Combined green and mechanical retting
In a recently published paper the authors describe a combined green and mechanical retting process. Hemp plants are left standing in the field, “stand-retting”, and natural microbial breakdown is allow continue for a period.
Microorganisms need moisture and, although the hemp is starting to dry at this stage, the plant material picks up moisture from the atmosphere. The authors describe moisture uptake occurring by the “need” to reach an “equilibrium moisture content between the plants and the atmosphere”. This type of moisture interaction is humidity driven and explained in the Technical section of my eBook. After 4 months “stand-retting”, the crop was harvested using a mechanical retting machine. “Stand-retting” had made the separation of the plant fibres more efficient for mechanical retting.
Researchers are looking at how to expand the uses for the vast amount of bast fibre currently produced worldwide. Some of the focus is on how to treat the fibres to prevent of lessen the fibres ability for moisture uptake. A complete substitution for plastic would be ideal. Of course, there is always a price to pay and the treatments, particularly the chemical ones, will have to be balanced against the potential waste generated at industrial scale. In the immediate future most likely the NFCs will be a combination of plant fibre and plastic, at least, this reduces plastic use.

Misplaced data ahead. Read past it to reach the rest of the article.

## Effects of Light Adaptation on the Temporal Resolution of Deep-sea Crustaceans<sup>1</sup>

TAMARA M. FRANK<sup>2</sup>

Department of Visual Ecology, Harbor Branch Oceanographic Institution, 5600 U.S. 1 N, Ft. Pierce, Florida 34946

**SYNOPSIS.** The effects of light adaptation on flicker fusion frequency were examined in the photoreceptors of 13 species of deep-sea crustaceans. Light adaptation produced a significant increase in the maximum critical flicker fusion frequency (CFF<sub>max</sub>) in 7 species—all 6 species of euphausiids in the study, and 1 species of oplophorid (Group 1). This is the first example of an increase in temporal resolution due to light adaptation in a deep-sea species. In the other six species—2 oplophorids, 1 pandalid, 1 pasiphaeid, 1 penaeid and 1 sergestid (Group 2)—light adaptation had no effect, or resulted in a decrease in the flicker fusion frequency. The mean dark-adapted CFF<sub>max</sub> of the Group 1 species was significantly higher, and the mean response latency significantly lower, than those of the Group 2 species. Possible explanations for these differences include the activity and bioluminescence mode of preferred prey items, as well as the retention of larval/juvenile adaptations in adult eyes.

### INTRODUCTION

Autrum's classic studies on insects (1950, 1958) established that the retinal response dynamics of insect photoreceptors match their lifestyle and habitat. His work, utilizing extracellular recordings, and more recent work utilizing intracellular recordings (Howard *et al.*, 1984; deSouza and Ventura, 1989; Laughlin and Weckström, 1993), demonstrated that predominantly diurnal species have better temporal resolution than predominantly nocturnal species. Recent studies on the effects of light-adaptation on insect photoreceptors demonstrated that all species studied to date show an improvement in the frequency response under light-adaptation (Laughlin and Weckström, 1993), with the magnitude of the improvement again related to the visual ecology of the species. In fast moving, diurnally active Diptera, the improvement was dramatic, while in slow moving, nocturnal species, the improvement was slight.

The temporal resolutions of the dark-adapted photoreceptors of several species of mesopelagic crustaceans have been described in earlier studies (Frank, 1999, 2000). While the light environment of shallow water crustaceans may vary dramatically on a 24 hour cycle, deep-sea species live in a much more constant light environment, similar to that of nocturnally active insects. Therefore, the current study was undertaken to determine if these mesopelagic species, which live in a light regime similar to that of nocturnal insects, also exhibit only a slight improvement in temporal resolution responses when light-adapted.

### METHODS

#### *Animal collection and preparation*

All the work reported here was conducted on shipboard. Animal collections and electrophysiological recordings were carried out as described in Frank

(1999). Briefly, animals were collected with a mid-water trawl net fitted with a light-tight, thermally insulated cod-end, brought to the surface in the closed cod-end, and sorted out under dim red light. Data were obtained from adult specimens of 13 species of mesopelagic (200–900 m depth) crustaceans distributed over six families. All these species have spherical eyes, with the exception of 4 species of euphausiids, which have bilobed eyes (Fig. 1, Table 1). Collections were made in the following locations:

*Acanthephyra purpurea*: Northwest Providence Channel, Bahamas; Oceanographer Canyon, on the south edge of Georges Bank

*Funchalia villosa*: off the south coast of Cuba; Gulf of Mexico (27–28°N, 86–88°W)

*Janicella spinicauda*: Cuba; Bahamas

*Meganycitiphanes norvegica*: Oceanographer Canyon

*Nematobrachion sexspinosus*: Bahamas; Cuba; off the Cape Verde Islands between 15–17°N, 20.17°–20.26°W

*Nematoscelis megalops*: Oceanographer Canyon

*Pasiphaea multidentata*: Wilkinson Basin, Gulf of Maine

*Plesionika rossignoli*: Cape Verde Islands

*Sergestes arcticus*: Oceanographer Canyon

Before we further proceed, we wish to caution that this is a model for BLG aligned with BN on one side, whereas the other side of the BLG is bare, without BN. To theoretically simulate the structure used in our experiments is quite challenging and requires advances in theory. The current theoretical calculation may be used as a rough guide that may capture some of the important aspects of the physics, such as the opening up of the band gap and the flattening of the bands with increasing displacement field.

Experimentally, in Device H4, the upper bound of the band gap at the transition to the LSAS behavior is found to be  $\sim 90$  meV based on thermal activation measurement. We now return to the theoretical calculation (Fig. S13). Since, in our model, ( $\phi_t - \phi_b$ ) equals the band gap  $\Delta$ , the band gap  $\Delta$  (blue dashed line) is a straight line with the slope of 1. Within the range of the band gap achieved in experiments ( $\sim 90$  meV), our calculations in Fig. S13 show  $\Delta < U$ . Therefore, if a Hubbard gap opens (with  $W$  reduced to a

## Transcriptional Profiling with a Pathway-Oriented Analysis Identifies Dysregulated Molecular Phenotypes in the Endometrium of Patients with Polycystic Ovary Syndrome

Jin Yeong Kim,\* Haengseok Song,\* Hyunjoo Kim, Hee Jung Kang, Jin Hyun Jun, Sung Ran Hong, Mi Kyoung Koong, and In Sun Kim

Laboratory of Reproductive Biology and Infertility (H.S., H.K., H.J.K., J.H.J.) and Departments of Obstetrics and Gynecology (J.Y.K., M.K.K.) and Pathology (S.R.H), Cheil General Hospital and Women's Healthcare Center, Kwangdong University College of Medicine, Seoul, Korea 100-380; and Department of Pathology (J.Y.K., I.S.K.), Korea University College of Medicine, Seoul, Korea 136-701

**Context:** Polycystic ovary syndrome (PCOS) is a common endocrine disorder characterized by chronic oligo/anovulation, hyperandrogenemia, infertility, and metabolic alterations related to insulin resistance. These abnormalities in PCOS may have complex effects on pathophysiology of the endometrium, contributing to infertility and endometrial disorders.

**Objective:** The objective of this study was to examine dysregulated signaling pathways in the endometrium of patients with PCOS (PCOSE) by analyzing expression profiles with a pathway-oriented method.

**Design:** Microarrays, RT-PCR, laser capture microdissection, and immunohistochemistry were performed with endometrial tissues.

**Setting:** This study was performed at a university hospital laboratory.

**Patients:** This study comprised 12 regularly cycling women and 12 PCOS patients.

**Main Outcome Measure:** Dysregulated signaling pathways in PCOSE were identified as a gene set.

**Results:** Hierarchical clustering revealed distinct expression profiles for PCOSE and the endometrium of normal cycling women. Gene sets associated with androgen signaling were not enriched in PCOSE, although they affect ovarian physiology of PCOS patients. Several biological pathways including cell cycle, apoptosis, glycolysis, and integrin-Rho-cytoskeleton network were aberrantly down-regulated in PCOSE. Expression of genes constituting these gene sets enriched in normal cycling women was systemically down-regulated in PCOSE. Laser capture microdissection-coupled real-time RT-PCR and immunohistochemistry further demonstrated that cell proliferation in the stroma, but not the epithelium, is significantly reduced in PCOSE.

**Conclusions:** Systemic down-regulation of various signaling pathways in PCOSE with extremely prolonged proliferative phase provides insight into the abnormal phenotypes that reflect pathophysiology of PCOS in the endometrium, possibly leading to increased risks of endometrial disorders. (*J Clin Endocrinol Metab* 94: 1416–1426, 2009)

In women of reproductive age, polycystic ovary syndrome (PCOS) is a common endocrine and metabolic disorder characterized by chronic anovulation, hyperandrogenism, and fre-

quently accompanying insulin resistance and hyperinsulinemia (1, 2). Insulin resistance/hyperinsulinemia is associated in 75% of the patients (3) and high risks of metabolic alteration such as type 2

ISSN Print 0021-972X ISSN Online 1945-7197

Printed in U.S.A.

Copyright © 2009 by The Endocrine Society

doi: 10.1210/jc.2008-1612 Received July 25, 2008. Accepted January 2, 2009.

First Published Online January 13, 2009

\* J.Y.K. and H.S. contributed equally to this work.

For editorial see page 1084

Moisture and Water
Time to get on my Irish Hobby horse (possibly the source of the “to get on your hobby horse” expression for incessantly talking or complaining about something). Published scientific papers on NFCs that include studies on the impact of water on the properties of the fibres use the term moisture. The actual standard test, named ASTM D570, describes immersion of a material in liquid water and the test results in a water-absorption value. In my understanding, “moisture” is defined as water vapour in the air. Authors of some of the published papers refer in their text to moisture absorption or moisture uptake. Some even use the terms “water” and “moisture” interchangeably as though there was no difference. A trivial point you may think, but not to me…..I find it just as annoying when people who should know better use the words bacteria and virus as if there is no difference, but that’s another story.
The subtle bit here is once the NFCs have absorbed water, the test to give the water-absorption value is a test for moisture. By heating a sample of the material, water is driven from the surface as moisture when it enters the air around the sample. The assumption is that all of the water absorbed from the liquid state is released as moisture. No water should remain the sample therefore all the moisture released equals the amount water that was in the sample. There you go, easy!
I write about how humidity and moisture effects everything around us. If you would like to hear more on the impact of moisture, various topics on moisture and humidity are discussed in my eBook “A Wetter Look At Climate Change”.